"It's scary. It's scary listening to the news even where you think things are bad and you listen to the news and its gonna get worse," Madikana Phalafala said.
Phalafala is a single parent running a household of four people.
She said that she had already made adjustments from how they ate to how often the geyser could stay on and thinking of further cuts is terrifying.
Andre Haramse finds himself in a similar position.
"What's today? The 19th of May? As we speak, the interest rates have climbed up. We know two weeks from now fuel prices are going up with another R1.50 and we know its not the end of it. That’s why I say I would literally get a nervous breakdown if I think too far ahead and think what might happen," Haramse said.
Matt Bath said that even how he viewed work had changed.
"You are working to survive, you are not working to reward. It's soured. There is a dark cloud in the way people are looking at the pleasure side of life. That has just fallen away," Bath said.
Last week, Bloomberg quoted Bank of America estimates that showed that petrol and diesel prices would likely increase by 16% in June, with inflation up to 6.5% locally.
People who have in the past considered themselves financially secure said that they were concerned about the increased cost of living and volatility in the global economy.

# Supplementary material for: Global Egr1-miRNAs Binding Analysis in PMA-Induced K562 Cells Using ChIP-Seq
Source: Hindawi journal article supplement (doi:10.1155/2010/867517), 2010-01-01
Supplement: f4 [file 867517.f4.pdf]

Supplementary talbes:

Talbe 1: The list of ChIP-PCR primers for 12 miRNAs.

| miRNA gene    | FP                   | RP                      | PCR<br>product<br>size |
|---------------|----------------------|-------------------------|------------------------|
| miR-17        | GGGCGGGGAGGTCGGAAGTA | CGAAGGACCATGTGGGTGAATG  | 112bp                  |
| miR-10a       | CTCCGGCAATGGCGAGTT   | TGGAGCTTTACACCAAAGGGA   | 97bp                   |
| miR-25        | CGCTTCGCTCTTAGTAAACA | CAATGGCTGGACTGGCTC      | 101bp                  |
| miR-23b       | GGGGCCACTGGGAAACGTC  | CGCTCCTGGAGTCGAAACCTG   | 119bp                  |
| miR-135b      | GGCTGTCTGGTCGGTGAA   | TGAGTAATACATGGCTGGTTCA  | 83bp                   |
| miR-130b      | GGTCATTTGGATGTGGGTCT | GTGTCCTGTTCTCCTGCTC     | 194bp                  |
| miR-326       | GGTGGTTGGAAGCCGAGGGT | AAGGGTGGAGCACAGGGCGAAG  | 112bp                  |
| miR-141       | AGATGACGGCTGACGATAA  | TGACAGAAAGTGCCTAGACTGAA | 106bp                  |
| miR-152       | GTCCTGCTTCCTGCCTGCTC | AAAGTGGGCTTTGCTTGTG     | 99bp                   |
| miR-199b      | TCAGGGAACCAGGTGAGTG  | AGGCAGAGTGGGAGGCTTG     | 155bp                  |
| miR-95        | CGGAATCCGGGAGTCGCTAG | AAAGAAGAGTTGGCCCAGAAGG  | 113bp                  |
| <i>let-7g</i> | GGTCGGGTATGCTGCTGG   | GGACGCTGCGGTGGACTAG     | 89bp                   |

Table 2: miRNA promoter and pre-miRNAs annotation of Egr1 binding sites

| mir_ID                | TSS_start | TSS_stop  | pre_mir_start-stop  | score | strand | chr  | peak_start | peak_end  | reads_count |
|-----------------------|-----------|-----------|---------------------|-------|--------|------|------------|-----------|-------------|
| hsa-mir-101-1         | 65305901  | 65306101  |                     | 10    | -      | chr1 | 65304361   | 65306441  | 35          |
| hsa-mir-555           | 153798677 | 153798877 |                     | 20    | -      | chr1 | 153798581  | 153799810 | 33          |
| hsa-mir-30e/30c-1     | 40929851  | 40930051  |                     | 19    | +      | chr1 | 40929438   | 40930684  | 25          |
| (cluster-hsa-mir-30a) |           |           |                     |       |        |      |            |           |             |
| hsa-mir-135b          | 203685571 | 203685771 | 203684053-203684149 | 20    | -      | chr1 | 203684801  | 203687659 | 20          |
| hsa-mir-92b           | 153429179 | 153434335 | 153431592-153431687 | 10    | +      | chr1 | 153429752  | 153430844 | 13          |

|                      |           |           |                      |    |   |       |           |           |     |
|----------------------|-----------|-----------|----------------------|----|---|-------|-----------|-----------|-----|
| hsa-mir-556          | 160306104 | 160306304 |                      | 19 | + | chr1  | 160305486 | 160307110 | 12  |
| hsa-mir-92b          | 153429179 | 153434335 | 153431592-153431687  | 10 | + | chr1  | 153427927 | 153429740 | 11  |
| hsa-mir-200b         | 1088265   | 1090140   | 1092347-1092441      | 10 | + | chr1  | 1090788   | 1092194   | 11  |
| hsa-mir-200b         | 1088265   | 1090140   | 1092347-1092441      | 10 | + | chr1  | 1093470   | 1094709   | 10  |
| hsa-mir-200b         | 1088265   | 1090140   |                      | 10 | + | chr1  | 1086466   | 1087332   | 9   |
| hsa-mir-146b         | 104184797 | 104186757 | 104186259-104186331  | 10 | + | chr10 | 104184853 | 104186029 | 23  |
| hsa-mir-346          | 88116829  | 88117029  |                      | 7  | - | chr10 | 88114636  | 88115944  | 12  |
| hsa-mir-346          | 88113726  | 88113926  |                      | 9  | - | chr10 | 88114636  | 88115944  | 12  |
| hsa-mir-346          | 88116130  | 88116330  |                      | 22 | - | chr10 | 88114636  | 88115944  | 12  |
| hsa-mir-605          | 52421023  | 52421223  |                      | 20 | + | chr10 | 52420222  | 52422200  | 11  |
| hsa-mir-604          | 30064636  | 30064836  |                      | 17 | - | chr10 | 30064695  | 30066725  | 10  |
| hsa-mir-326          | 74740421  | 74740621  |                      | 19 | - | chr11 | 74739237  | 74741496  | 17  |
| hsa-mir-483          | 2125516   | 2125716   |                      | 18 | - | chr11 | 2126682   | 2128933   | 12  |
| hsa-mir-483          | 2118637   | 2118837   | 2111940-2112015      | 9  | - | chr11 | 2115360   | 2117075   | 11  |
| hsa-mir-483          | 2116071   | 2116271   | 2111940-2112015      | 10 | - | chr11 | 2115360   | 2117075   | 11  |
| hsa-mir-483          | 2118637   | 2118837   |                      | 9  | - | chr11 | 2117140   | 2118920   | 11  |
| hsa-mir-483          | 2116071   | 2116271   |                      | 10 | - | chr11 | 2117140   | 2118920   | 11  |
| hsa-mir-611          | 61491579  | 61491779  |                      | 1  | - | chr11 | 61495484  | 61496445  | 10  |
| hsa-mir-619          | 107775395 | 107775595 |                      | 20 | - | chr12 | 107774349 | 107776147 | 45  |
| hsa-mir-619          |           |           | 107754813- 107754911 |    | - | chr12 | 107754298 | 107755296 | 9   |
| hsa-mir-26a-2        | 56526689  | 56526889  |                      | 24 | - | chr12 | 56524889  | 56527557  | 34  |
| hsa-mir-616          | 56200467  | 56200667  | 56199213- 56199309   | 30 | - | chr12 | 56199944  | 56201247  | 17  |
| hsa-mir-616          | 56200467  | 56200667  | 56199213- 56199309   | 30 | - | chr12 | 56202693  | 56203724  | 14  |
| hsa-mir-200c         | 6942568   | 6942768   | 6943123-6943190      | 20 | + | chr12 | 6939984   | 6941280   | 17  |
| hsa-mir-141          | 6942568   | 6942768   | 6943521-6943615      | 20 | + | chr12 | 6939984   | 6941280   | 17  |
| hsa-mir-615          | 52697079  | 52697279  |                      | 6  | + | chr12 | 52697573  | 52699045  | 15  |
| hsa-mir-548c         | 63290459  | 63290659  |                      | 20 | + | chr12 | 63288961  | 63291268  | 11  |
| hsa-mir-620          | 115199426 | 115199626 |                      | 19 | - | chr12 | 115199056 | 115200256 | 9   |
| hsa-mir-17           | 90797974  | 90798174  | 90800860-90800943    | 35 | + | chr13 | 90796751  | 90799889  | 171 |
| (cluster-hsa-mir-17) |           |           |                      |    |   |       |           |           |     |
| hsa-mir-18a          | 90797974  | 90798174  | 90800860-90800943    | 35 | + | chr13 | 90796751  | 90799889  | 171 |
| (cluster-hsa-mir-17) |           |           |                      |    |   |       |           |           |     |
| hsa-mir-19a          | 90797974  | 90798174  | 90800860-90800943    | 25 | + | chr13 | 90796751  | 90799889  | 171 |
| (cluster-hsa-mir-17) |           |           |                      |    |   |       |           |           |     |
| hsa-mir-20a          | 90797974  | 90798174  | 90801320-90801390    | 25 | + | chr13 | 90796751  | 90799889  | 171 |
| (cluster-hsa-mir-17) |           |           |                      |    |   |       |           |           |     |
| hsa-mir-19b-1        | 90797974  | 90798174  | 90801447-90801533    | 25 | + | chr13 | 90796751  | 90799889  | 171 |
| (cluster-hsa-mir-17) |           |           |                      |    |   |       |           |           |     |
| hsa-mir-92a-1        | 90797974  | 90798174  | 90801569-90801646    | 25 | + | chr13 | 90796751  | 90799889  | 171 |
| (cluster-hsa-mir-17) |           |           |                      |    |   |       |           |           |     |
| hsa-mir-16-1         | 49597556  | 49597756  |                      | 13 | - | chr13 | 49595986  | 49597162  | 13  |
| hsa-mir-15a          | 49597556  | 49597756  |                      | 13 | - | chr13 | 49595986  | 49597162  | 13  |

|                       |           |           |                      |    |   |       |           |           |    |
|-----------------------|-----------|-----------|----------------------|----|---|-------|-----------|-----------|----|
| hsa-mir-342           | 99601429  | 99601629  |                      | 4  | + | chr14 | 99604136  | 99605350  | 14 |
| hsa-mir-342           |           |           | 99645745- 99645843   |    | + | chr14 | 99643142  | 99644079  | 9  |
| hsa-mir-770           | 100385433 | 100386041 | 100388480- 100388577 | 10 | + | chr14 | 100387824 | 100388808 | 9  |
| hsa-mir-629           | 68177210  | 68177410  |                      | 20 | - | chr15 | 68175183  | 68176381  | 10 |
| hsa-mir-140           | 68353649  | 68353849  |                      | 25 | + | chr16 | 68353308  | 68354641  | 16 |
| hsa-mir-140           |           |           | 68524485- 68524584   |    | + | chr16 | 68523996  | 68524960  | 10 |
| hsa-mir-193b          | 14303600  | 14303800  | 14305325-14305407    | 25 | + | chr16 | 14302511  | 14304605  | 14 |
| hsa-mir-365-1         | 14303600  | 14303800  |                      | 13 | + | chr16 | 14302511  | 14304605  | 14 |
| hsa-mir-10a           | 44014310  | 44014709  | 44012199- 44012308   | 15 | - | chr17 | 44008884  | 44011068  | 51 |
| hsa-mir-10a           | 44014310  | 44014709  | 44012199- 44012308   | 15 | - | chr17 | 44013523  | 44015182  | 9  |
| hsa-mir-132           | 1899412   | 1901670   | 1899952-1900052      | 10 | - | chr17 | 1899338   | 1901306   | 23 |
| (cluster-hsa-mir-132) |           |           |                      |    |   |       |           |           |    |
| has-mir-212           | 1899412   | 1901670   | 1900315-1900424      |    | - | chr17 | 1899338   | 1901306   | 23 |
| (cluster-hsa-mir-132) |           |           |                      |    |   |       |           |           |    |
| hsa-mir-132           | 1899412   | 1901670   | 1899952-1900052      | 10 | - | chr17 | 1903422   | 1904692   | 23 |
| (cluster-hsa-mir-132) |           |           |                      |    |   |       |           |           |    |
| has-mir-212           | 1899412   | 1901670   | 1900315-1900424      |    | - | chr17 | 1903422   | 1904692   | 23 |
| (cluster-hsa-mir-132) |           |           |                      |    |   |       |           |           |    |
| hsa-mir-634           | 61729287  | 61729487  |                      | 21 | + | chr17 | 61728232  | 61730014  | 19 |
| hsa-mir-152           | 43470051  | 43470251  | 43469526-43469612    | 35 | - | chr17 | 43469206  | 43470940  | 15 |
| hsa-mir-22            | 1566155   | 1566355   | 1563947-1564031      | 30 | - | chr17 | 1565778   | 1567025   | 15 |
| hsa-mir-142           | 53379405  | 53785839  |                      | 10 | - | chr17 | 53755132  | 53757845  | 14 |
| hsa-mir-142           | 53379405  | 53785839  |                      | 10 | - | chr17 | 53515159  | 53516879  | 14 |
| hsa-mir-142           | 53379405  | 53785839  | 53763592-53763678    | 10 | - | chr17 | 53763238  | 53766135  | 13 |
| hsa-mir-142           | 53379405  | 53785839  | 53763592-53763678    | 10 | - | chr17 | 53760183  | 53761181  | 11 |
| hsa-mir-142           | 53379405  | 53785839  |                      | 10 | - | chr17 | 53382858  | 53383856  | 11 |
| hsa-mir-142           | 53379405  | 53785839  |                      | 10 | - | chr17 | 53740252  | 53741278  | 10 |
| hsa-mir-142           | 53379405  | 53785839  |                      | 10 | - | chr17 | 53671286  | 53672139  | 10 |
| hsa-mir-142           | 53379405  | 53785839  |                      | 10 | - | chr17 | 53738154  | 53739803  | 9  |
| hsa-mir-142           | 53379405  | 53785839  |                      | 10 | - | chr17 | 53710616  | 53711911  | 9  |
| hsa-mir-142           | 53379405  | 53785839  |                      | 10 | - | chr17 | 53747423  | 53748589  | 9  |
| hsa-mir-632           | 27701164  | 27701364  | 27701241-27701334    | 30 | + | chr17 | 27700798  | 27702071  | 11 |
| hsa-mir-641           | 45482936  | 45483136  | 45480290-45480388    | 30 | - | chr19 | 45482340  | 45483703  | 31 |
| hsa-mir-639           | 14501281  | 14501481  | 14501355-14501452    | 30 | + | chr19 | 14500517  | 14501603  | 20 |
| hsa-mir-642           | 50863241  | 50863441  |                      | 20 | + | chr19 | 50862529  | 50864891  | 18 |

South Africans are among other nations across the world that are grappling with a cost of living crisis due to various factors, as some economists mention that the dreaded recession could be on the cards.
From debt to cooking oil, consumers are paying more for everything.
The majority of people in the country are concerned about their day-to-day needs such as food and water.
However, even those who are still by far cushioned from the real impact of the economic instability are worried.
"What I worry about the most is that I am not getting the returns that I was supposed to have so that I can live the life I was hoping to live. It just means I have to be cutting costs somewhere around my lifestyle. It's a reality of what is coming rather than what is at the moment," Nkosinathi Ngcobo said.
Nkosinathi Ngcobo spoke to Eyewitness News about how he and his family are adjusting to the cash crunch.
"Do you think being shielded from the reality of the economy makes you privileged?" Eyewitness News asked.
"I know I am privileged, but I am also very in touch with people who are not in the same space as me and I know what people are going through and I know the difficulties. It was easy for me to put a full tank of petrol at any time, but now I always kind of feel it. So I am mindful. I am aware of what those who are not privileged are going through," Ngcobo said.
Deidre Phillips said that she was still far better off in comparison to many other South Africans.
"The financial hit on all of us is massive. Then you look at every street corner there are homeless people. At every traffic light there are four to five people and people are starving and we want to build a flag on a pole?" Phillips asked.
The Southern Africa Labour Development Research Unit said that 50% of South African households have a monthly income of R1,166 or less.